Tag Archives: Wallowa_llamas

A last day of canyon beauty Part 4, Wednesday

I arose early Wednesday morning for the dawning light and returned to an area of colorful wildflowers.  It was a cloudy morning, but the filtered sunlight intensified the colors.  I was struck how these pockets of wildflowers could still thrive despite the drought conditions that had limited blossoming in other areas of the canyon. May each of us find our own micro climates to continue to grow in!

And, so after breakfast, we packed up and returned down to the river and out to the trailhead. Flowers may fade, but memories endure! And more adventures will Raz and Wallowa llamas await in this Hells Canyon Wilderness.

Hells Canyon Wilderness

The Spring Creek drainage in the Hells Canyon Wilderness

Where the Hells Canyon Wilderness begins

Raz and the Wallowa llamas

our final lunch down almost at river level

With the llamas in Hells Canyon, Part 2, Tuesday

Monday, the first full day high on a bench above the Snake river,  began with Raz, our outfitter, preparing Swedish pancakes for us.  After breakfast, he led us north on a trail that crossed many of the small streams and ravines that make up the Spring Creek drainage. Although the wildflowers were not as thick and lush as last year, nonetheless we hiked through many pockets of intense color. After three miles we reached the far ridge of the Creek basin and enjoyed lunch looking over the vastness of canyon.

balsam root, Hells Canyon

Lunch time

Lupine and balsam root, Spring Creek drainage, Hells Canyon

Indian Paintbrush, Sping Creek

Snake River canyon

Traveling with Wallowa Llamas in Hells Canyon. Part 1, Sunday

Last year, on the last Sunday of April, Meg and I took a beautiful wildflower day hike in the Snake river canyon country, east of Halfway, Oregon. While on a a vast bench high above the river, we encountered a train of pack llamas and hikers.  Raz Rasmussen, of Halfway, has operated Wallowa Llamas since 1983.  We decided we would take this trip in 2015.  We invited good friends, the Gleesons, to join us.  And so, starting on the last Sunday of this April, we spent four days and three nights in this overwhelming, breath taking canyon country.

I am posting these pictures on a day to day basis, so there will be four parts.  Here are the pictures from Sunday.

Our ponderosa pine campsite, below these balsam root wildflowers. Hells Canyon Wilderness

Hells Canyon Wilderness

Phlox along the Snake river before the trail begins to climb

Llamas crossing McGraw Creek

Wallowa Llamas led by Raz

Maynard the Rotary Duck and Kenny the Kiwi

You may recall “Flatiron Freddy” who used to travel to worldwide destinations. Well, last fall, Beth, our La Grande Rotary president, acquired Maynard the Duck. She sent him out with Rotarians who were traveling to help them document their travels. I took Maynard to New Zealand over Christmas. Since he felt “lonely,” far from home, I acquired Kenny the Kiwi to keep him company. Last week, Meg and I went with friends high above the Snake River with a guided llama tour. Wallowa Llamas is operated by Raz Rasmussen, out of Halfway, Oregon. It was a great trip. I will be posting scenic pictures later, but in the meantime, you can see the trip through the eyes of Maynard and Kenny 🙂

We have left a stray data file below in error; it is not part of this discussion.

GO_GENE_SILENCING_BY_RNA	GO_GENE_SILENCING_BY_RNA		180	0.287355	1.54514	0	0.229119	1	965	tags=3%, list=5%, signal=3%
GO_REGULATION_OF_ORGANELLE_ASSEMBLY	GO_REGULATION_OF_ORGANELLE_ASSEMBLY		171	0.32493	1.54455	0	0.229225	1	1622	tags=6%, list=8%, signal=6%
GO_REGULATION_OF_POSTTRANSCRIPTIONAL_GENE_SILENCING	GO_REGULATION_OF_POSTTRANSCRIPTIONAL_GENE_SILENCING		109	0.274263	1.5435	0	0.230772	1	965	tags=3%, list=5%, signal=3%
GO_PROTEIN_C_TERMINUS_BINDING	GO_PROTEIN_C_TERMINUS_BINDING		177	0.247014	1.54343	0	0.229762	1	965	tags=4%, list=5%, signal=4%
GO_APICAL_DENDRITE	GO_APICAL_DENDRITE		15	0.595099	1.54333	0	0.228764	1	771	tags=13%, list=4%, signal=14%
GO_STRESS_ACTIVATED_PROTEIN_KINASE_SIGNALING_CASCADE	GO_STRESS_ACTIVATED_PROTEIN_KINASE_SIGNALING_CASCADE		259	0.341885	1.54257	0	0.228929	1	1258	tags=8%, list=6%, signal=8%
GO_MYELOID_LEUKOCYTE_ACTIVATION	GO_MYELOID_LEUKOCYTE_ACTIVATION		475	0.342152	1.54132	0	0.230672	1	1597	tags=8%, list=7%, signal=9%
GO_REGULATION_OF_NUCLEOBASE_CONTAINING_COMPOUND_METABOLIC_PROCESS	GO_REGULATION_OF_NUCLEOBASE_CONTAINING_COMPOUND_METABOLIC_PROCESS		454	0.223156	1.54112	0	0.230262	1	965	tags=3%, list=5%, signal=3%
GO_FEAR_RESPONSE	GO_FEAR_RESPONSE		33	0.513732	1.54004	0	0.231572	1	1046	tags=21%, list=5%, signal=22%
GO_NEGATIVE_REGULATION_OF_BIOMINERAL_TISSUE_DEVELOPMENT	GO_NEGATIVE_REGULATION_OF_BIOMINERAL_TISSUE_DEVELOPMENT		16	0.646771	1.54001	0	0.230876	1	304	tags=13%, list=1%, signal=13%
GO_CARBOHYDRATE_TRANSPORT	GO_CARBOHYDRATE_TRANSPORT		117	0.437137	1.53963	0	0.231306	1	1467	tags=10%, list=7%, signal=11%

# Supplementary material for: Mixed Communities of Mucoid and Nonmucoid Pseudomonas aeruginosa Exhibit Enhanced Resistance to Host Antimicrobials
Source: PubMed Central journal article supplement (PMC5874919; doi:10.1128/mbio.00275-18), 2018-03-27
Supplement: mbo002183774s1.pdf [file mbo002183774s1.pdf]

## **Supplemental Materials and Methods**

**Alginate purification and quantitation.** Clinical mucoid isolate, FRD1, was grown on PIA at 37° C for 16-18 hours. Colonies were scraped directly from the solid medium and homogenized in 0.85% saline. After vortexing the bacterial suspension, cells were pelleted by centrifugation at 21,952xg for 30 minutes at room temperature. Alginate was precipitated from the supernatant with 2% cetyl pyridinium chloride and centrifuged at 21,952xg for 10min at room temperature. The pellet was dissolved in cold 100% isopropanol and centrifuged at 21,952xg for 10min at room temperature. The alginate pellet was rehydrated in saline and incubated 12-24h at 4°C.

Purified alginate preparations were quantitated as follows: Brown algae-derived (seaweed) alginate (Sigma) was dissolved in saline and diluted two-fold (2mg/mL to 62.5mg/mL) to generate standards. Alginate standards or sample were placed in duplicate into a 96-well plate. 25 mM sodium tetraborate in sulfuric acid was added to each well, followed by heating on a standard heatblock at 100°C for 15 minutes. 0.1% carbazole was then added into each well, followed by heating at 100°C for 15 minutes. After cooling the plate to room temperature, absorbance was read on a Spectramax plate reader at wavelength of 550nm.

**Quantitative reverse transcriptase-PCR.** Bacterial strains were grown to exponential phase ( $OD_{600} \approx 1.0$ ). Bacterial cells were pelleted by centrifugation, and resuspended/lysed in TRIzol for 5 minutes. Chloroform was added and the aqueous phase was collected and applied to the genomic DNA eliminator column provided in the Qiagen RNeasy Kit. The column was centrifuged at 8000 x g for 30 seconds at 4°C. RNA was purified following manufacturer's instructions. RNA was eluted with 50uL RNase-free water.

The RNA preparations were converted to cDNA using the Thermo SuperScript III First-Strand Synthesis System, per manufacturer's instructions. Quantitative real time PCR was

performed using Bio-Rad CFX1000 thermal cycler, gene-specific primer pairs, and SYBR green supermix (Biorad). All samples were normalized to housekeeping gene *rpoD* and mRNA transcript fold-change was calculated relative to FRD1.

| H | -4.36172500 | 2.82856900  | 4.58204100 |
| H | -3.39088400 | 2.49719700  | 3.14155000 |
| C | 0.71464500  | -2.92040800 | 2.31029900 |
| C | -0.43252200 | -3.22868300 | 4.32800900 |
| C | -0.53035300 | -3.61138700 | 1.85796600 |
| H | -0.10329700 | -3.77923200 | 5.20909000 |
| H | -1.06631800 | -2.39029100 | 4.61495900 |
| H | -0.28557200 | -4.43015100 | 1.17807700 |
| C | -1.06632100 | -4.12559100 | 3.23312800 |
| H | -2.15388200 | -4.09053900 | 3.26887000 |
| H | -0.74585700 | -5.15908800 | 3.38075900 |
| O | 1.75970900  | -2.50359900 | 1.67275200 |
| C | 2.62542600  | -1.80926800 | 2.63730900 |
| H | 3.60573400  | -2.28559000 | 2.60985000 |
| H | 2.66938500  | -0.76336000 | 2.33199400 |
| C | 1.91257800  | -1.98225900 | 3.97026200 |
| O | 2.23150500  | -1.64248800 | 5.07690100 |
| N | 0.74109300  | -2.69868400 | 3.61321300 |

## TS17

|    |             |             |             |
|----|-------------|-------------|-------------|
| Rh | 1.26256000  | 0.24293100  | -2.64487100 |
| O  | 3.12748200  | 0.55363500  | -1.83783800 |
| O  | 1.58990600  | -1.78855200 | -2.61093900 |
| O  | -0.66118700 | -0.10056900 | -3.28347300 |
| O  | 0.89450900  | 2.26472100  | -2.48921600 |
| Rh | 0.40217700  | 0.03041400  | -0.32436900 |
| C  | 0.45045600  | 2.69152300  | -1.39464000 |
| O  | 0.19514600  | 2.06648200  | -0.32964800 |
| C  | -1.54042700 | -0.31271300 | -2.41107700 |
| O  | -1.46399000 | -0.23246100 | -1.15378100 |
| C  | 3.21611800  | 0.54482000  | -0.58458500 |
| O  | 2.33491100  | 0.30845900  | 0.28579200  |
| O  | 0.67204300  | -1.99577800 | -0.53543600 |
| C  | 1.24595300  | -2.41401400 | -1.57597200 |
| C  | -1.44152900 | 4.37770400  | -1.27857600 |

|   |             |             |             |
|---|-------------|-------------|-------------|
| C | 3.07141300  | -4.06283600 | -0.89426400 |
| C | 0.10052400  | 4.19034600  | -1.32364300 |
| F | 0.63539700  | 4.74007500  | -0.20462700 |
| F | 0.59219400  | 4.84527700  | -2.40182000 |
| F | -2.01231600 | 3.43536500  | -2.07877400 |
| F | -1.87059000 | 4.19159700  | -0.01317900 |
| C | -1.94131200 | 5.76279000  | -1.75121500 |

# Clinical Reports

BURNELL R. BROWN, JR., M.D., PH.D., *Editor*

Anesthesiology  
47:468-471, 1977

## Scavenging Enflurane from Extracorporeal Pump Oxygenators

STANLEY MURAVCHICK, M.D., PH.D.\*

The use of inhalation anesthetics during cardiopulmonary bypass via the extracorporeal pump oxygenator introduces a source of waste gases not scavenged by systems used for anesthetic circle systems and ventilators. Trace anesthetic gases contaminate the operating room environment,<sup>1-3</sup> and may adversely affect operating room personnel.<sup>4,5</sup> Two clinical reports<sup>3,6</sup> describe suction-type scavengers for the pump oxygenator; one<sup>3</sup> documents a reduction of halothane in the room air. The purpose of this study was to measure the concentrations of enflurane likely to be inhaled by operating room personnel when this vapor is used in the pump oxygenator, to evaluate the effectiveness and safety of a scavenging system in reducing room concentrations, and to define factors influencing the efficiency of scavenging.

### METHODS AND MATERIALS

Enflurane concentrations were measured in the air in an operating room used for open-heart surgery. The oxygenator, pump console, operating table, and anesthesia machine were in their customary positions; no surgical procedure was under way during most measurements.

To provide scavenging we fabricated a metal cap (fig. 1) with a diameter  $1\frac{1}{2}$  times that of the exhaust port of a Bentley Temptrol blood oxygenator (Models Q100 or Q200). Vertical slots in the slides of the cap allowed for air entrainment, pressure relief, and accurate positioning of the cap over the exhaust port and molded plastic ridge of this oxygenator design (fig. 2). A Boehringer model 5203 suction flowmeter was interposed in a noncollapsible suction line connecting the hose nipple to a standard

“We didn’t get to ride a llama.  Instead, Eric carried us.”

“Meg hiked faster than Eric.  He stops to take so many pictures.”

“I got to sleep next to Meg.  She told me Eric used to be a frog before she met him.”

“Have you ever kissed a llama?”

“Our guide, Raz, made delicious Swedish pancakes!”

“Spring is gorgeous in Hells Canyon.”

Raz made great coffee every morning!”


Imensity

 I took Meg back to where I had hiked with the Scouts last week. Continuing upwards into a canyon that rose far above the Snake River, in the Hells Canyon NRA, Meg and I were reminded of the immensity, the infinity that surrounds us.  It is both humbling and awesome to be part of such a vast universe.   The wildflowers along the Snake river had diminished, but the higher we went, the more profuse they became, This week the red Indian paintbrush had appeared, to complement the yellow balsam root and the purple lupine. We hiked high into the deepening green of the canyon, deeply breathing the fragrances and the freshness.




Wallowa llamas

Hells Canyon NRA

Hells Canyon Snake River

Hells Canyon

Snake River canyon

McGraw Creek Snake River Hells Canyon

MeGraw Creek drainage